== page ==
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Plane Crash in Costa Rica Left Two American Families Dead

You are currently viewing Plane Crash in Costa Rica Left Two American Families Dead
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COSTA RICA — A charter plane crash in northwestern Costa Rica left 10 American Passengers killed on Sunday and two Costa Rican pilots, according to the Costa Rican government.

 

Two American families were among the dead.

 

According to officials and witnesses, the plane crashed in Guanacaste just moments after takeoff from Punta Islita Airport. The wreckage of the plane, a private aircraft belonging to the airline Nature Air, was on fire and no one responded when it was found by the rescue crews, according to Costa Rica’s Ministry of Public Security.

 

The office of Costa Rican President Luis Guillermo Solis said in a statement Sunday night, “The government of Costa Rica deeply regrets the death of 10 American passengers and [two] Costa Rican pilots in an air crash of aircraft TI-BEI from the company Nature Air, which occurred midday today near Nandayure, Guanacaste.”

 

“Multiple U.S. citizens” died in the crash, the U.S. Department of State confirmed.

 

“We can confirm the death of multiple U.S. citizens in an airplane crash in Costa Rica on December 31, 2017,” a State Department spokesperson said. “We express our condolences to all those affected by this tragedy. We are in contact with Costa Rican aviation authorities and will continue to monitor the situation.”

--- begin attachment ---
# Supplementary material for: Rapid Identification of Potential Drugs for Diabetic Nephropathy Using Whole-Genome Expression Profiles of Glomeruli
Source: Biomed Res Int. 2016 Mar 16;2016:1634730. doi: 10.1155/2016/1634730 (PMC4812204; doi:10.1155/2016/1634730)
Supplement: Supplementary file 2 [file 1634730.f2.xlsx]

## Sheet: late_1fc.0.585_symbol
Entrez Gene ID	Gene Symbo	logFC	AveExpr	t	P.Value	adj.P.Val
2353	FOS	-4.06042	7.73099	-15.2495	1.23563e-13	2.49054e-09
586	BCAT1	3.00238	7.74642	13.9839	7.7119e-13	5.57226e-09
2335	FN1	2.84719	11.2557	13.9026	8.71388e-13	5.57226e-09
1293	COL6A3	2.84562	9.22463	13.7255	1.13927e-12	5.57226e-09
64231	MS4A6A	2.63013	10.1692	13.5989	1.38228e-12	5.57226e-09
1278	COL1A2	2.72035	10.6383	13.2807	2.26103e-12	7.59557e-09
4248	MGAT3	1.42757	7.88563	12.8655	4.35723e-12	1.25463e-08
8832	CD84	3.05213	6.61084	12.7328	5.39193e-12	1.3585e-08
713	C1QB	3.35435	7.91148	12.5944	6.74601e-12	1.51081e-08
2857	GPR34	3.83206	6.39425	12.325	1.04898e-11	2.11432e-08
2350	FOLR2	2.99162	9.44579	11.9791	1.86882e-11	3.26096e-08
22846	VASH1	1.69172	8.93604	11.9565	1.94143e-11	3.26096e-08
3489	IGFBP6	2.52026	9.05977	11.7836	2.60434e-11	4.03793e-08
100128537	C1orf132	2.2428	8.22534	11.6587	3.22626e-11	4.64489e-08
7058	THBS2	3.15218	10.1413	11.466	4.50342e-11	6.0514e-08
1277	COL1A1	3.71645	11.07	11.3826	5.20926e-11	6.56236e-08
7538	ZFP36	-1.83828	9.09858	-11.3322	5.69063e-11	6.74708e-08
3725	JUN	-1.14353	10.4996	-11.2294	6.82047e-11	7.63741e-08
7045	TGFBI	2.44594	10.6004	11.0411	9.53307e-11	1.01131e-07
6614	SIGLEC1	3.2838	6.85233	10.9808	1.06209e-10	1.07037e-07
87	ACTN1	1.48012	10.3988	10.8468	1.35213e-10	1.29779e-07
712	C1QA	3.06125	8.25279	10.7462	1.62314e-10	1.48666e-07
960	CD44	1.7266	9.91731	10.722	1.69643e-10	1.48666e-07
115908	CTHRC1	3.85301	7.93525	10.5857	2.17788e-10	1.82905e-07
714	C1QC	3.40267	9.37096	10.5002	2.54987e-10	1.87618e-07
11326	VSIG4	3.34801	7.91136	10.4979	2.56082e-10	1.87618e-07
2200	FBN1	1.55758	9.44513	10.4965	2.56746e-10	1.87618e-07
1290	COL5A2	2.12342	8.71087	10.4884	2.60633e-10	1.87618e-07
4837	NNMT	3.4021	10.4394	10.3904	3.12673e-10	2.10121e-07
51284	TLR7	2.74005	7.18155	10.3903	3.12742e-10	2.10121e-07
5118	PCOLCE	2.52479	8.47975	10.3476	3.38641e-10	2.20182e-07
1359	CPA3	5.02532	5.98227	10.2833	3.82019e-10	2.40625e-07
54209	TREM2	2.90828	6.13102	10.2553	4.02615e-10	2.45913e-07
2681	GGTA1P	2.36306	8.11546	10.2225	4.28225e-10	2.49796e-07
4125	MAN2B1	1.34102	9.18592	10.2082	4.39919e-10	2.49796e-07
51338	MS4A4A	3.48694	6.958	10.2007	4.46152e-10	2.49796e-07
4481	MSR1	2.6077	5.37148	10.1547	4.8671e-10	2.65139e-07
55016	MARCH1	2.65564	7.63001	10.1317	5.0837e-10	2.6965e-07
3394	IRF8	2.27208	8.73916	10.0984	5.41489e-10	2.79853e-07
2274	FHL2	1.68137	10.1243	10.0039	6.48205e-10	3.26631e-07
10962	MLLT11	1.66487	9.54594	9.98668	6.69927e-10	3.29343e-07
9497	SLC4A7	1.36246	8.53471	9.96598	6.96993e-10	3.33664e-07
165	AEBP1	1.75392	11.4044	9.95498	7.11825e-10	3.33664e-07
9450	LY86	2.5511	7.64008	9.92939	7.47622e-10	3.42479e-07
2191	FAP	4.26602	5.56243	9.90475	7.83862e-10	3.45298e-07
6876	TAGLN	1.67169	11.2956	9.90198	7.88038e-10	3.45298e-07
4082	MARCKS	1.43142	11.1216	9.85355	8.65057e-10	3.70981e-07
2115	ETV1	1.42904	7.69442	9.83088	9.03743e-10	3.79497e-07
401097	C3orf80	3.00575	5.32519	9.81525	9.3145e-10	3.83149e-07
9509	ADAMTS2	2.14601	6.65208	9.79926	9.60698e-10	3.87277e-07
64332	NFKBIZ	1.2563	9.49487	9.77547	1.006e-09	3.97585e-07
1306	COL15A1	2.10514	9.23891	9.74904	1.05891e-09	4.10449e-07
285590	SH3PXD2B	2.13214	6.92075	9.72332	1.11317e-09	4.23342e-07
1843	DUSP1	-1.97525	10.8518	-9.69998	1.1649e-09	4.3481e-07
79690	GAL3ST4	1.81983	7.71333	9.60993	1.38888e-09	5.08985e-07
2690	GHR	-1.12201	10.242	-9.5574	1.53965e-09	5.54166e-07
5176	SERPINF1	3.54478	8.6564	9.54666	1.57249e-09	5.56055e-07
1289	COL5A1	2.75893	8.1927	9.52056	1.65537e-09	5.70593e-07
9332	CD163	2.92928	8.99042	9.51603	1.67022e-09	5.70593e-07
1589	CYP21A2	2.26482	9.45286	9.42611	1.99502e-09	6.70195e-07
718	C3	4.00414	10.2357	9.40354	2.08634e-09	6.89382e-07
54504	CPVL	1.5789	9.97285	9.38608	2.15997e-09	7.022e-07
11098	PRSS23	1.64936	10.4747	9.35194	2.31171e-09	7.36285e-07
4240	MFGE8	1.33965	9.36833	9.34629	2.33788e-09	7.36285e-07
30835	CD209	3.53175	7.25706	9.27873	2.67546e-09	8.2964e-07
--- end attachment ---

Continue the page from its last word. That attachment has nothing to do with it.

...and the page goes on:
The crash took place Sunday afternoon at 12:15 p.m. after the plane left the airport heading to Costa Rica’s capital, San Jose, a ministry spokesperson said.

 

A family of four from Tampa Bay, Florida, was among those killed. Mitchell Weiss, his wife, Leslie Weiss, and their two children, Ari Weiss and Hannah, all died in the crash, according to Rabbi Jacob Luski of Congregation B’nai Israel of St. Petersburg, Florida. The parents were both physicians, he said.

 

A family of five from New York were also killed, the priest at that family’s chapel said.

 

Bruce and Irene Steinberg as well as their three children, Zachary, William and Matthew Steinberg, all died in the crash, according to Rabbi Jonathan Blake of the Westchester Reform Temple in Scarsdale, New York.

 

Zachary Steinberg graduated high school in 2016 and his brother William graduated the year after. Matthew Steinberg was a student at Ethical Culture Fieldston School in New York City, according to Scarsdale Public Schools superintendent Thomas Hagerman.

 

“This tragedy is hard to process for a variety of reasons, not least among them the loss of an entire family in one instant,” Hagerman said in an email to the school district community on Monday. “The Steinbergs’ recent graduation dates and rich involvement in the district created a variety of connections which intensify the grief we feel.”

 

The crash took place Sunday afternoon at 12:15 p.m. after the plane left the airport heading to Costa Rica’s capital, San Jose, a ministry spokesperson said.

 

Dawn and Matthew Wolfe, who have been vacationing in Costa Rica for a month, said they and their three children were sitting in a restaurant near Punta Islita Airport when the plane took off. They said within minutes of takeoff the plane took a nose dive and crashed.

 

The Federal Aviation Administration (FAA) found Costa Rica to be Category 1, which means the country meets safety standards established by the International Civil Aviation Organization (ICAO) for safety oversight of civil aviation. Carriers from Category 1 countries are permitted to operate into the U.S, according to the FAA.

 

 

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